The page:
The name Chrysanthemoides pertains to its likeness to the
genus Chrysanthemum (meaning yellow flower), many
of which are popular garden subjects.The specific name 'monilifera'
means 'bearing a necklace' and pertains to the shiny, fleshy
fruit arranged on the margins of the daisy flowers, like a necklace.
This plant was named Osteospermum monilifera by Linnaeus
in 1754. The present name was given by T. Norlindh in 1943.
Chrysanthemoides consists of 2 species, both
endemic to southern & eastern Africa, both with fleshy fruit,
immediately separating it from all other plants in the daisy family
(Asteraceae) to which they belong. C. monilifera is a today
a serious weed in Australia.
monilifera is a fast growing perennial, semi-succulent, spreading
to 2 m tall. Branches grey to grey-green, smooth ascending, fleshy
at first becoming woody. The leaves are simple, alternately arranged,
oval to to broadly lanceolate, fleshy and have short petioles of
up to 10 mm long. The leaf blade are about 45 mm long and 24 mm
broad green to grey green and the surface of the young leaves covered
with dense cobweb-like hairs, becoming smooth with age. The flowers
are borne on branch ends in groups of up to 5. The flowers are typical
daisy-like (involucre) and up to 40 mm in diameter, bell-shaped
and bright yellow. This larger 'flower' typical of the daisy family
is made up of many individual densely arranged tubular male and
female flowers and termed the involucre. The marginal female florets
are sterile and each with a single yellow petal. The fruit is unique,
deviating from all other members of the daisy family. It is fleshy,
egg-shaped, edible and sweet, at maturity brown, blackish or purple
and up to 6 mm in diameter.
The bietou is one of the most variable and widespread indigenous
shrubs and has been divided into a number of distinct subspecies.
It is widely distributed along the coast from the N. Cape, W. Cape,
E. Cape and along the Drakensberg escarpment in KwaZulu-Natal, Swaziland,
Mpumalanga and further into the Chimanimani Mountains of eastern
Zimbabwe and to northern eastern Africa. It occurs in fynbos, strandveld,
grassland, subtropical coast, and margins of afro-temperate forest-
and grassland vegetation. The subsp. monilifera is from the
Western Cape and is the one most often find in cultivation. Here
it occurs in both strandveld and fynbos.
The plant occurs in full sun in well drained situations such as
coastal dunes, hills, mountains (fynbos, or grassland) or rocky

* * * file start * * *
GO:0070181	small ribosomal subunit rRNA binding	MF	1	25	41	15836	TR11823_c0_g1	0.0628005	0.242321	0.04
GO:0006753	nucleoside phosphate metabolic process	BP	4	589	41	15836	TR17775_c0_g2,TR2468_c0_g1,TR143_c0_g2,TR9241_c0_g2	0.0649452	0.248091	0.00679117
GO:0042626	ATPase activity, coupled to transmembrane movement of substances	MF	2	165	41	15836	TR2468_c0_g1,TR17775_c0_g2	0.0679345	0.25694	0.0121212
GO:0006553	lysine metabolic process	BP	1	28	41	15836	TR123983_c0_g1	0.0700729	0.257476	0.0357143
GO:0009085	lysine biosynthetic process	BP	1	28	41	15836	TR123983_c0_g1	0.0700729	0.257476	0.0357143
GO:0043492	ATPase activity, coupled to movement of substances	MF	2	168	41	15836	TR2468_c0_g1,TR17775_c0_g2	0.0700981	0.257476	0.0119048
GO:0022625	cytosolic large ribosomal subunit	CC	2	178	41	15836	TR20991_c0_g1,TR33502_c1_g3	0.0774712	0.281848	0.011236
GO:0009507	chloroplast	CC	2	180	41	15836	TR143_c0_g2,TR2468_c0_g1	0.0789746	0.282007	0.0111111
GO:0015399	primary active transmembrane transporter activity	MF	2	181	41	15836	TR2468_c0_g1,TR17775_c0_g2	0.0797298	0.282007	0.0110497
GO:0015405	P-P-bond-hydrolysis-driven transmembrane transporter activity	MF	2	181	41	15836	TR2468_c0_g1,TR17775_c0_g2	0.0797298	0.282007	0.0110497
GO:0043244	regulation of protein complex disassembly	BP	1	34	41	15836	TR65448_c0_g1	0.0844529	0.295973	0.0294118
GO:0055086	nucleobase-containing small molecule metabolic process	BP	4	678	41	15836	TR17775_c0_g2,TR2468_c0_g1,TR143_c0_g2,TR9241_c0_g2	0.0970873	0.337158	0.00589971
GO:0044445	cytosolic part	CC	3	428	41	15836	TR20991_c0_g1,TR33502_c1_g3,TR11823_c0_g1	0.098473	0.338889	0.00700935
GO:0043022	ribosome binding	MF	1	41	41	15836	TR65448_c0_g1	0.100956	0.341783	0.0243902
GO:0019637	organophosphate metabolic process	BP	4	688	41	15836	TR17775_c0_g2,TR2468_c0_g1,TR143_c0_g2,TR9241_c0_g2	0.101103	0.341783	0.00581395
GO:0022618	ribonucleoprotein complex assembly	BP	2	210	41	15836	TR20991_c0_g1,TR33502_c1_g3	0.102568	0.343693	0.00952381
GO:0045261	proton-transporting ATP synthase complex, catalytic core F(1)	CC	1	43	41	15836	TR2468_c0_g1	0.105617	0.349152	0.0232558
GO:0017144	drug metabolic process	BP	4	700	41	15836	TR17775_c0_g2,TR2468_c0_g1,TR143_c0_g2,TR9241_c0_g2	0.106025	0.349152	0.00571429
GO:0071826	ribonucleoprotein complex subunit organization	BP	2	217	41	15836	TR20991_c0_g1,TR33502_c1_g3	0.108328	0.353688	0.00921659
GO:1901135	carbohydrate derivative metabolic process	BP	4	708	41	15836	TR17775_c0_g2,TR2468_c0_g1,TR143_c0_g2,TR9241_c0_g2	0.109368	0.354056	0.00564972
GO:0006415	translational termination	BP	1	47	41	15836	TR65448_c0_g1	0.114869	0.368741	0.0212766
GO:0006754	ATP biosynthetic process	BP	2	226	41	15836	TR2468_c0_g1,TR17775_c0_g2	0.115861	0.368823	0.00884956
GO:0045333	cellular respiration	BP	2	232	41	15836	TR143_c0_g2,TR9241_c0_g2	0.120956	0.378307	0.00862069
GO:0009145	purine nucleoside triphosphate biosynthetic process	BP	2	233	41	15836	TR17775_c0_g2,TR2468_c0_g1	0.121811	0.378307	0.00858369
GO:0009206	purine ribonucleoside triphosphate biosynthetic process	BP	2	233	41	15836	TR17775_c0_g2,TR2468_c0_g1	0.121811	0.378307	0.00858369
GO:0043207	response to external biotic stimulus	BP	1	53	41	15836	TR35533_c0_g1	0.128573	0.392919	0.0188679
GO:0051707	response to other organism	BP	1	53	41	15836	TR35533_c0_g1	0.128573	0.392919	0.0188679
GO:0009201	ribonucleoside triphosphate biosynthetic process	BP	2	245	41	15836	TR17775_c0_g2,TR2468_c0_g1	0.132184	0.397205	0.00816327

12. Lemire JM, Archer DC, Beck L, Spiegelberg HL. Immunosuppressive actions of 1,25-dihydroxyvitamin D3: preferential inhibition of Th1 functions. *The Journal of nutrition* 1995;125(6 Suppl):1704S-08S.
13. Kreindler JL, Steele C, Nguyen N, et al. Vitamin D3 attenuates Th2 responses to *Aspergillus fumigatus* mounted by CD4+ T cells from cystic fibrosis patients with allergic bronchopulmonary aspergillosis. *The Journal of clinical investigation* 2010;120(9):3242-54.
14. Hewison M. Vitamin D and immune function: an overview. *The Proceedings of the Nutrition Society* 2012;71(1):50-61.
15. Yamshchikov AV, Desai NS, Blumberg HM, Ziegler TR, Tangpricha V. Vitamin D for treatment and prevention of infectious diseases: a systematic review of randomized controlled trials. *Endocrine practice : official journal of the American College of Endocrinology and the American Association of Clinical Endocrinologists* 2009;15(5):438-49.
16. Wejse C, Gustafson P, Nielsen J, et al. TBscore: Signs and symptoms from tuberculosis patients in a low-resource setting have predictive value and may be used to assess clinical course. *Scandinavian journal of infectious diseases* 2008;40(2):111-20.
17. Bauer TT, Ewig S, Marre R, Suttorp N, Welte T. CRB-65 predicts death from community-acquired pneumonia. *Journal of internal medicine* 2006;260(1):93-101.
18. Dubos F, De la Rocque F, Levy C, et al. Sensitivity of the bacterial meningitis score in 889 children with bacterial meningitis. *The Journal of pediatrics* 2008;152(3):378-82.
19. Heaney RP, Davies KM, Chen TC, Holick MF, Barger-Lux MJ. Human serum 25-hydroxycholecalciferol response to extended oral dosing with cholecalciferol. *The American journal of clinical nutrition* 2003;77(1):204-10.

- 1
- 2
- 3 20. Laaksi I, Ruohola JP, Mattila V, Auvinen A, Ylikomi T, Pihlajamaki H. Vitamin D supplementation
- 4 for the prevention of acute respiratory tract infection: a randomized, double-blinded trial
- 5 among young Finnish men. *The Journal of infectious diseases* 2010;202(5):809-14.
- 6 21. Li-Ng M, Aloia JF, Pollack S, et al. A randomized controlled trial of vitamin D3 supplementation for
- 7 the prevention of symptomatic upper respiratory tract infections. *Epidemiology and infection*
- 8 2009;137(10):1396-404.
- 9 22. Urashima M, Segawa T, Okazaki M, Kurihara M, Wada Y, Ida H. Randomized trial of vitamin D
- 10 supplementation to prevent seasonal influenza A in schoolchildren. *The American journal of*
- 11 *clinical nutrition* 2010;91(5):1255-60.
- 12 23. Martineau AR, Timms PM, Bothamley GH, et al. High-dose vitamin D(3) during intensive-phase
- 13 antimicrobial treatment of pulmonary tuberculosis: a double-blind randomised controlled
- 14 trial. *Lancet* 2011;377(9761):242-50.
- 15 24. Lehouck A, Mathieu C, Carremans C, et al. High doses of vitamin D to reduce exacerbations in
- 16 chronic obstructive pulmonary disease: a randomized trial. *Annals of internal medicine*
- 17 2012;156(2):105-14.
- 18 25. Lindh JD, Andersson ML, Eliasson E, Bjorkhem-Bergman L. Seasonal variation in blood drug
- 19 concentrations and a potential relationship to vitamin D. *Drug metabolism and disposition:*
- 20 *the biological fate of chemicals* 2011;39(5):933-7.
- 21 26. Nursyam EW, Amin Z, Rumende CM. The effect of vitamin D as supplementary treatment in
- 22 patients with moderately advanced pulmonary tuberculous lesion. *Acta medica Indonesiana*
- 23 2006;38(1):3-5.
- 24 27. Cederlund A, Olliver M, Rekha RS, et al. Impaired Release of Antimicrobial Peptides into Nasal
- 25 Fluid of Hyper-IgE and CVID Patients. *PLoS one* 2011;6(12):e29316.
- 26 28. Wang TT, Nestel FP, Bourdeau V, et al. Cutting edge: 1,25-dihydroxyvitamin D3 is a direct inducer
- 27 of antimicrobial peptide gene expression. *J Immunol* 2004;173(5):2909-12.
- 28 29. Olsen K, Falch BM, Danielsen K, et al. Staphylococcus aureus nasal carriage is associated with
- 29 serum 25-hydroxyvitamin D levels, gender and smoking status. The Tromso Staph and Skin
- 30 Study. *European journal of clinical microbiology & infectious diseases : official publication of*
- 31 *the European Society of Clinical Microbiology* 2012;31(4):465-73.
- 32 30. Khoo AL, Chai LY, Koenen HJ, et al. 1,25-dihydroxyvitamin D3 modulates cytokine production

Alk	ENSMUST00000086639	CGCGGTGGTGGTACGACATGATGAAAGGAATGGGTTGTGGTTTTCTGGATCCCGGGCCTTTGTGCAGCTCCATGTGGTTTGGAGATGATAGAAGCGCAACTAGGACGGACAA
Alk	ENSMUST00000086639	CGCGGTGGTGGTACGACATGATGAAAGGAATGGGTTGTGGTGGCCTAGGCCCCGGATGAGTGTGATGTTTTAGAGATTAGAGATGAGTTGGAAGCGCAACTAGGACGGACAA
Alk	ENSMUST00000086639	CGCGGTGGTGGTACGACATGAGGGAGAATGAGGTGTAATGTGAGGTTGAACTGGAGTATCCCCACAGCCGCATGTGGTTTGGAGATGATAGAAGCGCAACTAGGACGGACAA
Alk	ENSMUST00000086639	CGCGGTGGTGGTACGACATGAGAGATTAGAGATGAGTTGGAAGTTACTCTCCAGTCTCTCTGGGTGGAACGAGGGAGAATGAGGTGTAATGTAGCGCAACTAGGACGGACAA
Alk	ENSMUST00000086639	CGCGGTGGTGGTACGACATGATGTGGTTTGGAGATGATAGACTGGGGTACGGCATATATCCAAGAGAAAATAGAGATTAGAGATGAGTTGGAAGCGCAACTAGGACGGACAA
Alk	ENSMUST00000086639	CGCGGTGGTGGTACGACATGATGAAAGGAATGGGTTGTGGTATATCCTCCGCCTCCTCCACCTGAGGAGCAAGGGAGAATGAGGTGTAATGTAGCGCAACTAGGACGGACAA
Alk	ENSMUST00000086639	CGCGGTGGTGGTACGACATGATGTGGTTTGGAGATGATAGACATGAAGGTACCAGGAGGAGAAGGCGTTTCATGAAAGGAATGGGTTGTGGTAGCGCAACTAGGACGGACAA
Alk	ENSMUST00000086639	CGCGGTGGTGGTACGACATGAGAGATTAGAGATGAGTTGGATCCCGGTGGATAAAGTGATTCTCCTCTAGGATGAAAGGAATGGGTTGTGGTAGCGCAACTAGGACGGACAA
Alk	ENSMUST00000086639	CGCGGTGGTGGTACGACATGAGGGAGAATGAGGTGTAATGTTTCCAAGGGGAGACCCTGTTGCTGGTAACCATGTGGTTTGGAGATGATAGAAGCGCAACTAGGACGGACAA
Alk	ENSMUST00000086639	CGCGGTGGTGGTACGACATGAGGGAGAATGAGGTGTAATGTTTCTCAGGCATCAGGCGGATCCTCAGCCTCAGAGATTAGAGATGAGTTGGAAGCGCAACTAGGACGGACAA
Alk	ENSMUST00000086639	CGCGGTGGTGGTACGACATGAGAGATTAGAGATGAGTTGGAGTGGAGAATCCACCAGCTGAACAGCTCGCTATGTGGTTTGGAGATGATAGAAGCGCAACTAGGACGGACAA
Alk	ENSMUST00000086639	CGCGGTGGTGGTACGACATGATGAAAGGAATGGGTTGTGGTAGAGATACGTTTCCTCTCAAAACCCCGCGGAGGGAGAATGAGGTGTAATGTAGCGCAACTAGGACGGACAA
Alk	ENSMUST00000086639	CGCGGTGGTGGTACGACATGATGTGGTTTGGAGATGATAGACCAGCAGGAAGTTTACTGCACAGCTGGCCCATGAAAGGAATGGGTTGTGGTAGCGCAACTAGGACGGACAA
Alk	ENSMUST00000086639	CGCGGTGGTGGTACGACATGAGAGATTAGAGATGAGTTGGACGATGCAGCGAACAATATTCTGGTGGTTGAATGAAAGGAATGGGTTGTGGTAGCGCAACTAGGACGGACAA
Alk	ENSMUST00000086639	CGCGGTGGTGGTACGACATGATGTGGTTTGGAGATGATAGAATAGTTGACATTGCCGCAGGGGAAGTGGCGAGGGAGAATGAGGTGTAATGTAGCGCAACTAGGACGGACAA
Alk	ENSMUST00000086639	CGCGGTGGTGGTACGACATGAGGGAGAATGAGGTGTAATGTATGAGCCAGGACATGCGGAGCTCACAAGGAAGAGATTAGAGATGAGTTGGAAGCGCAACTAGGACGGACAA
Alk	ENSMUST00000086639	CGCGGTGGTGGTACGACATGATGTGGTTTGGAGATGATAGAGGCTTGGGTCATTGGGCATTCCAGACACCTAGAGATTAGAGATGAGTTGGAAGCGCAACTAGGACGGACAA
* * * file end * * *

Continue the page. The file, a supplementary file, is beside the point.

terrain, often part of a natural shrubbery or sometimes growing
as asolitary individual. It is a pioneer, often appearing after
fires. Its life span is between 8-12 years, after which the plants
become woody and untidy and are best replaced. Its semi-succulent
nature makes it drought tolerant. The Afrikaans vernacular name
bietou is derived from the original Khoi name. Although it
may flower throughout the year, its main flowering time is during
late autumn and winter. It is pollinated by insects and bees find
it particularly attractive. The fleshy fruits, appearing shortly
after the flowers, are very popular among frugatory birds .
According to Smith in his Common Names of South African Plants
(1966) bietou fruit was formerly used by the Khoi and San as a food
source. Other uses an infusion of the leaves as an enema to treat
fevers (Coates Palgrave).
Growing Chrysanthemoides monilifera
The bietou is easily grown and makes an attractive garden asset
and especially useful pioneer shrub for the new garden. It thrives
well in strandveld, fynbos, seafront and grassland gardens. It is
a rapid grower, requires a sunny, well-drained position and sufficient
space. The shrub is very striking during winter, when the bright
dense yellow flowers appear. It makes a striking combination grown
with white blombos (Metalasia muricata) and orange hedge
aloe (Aloe arborescens) candles. It can also be pruned into
Ample compost annually during winter or spring will enhance growth
and performance. Bietou is relatively pest free and an asset to
Seed germinates with some difficulty and needs scarification (mechanical
or chemical). Plant seed in sandy, well drained soil and sow in
spring. The seedlings are fast growing and should be transplanted
to small containers when large enough to handle.
The vaalbietou (Chrysanthemoides incana) is closely related
ground cover shrub bearing grey leaves and similar flowers and fruits
to our treated species and is excellent for difficult seafront gardens.
Hutchings, A. 1996. Zulu Medicinal Plants, an inventory.
University of Natal Press.
Palgrave, K.C. 1977. Trees of Southern Africa.
Van Breda, P.A., & Barnard, S.A. 1992. 100 Veld plants of
the winter rainfall region. Department of Agricultural Development,
Ernst van Jaarsveld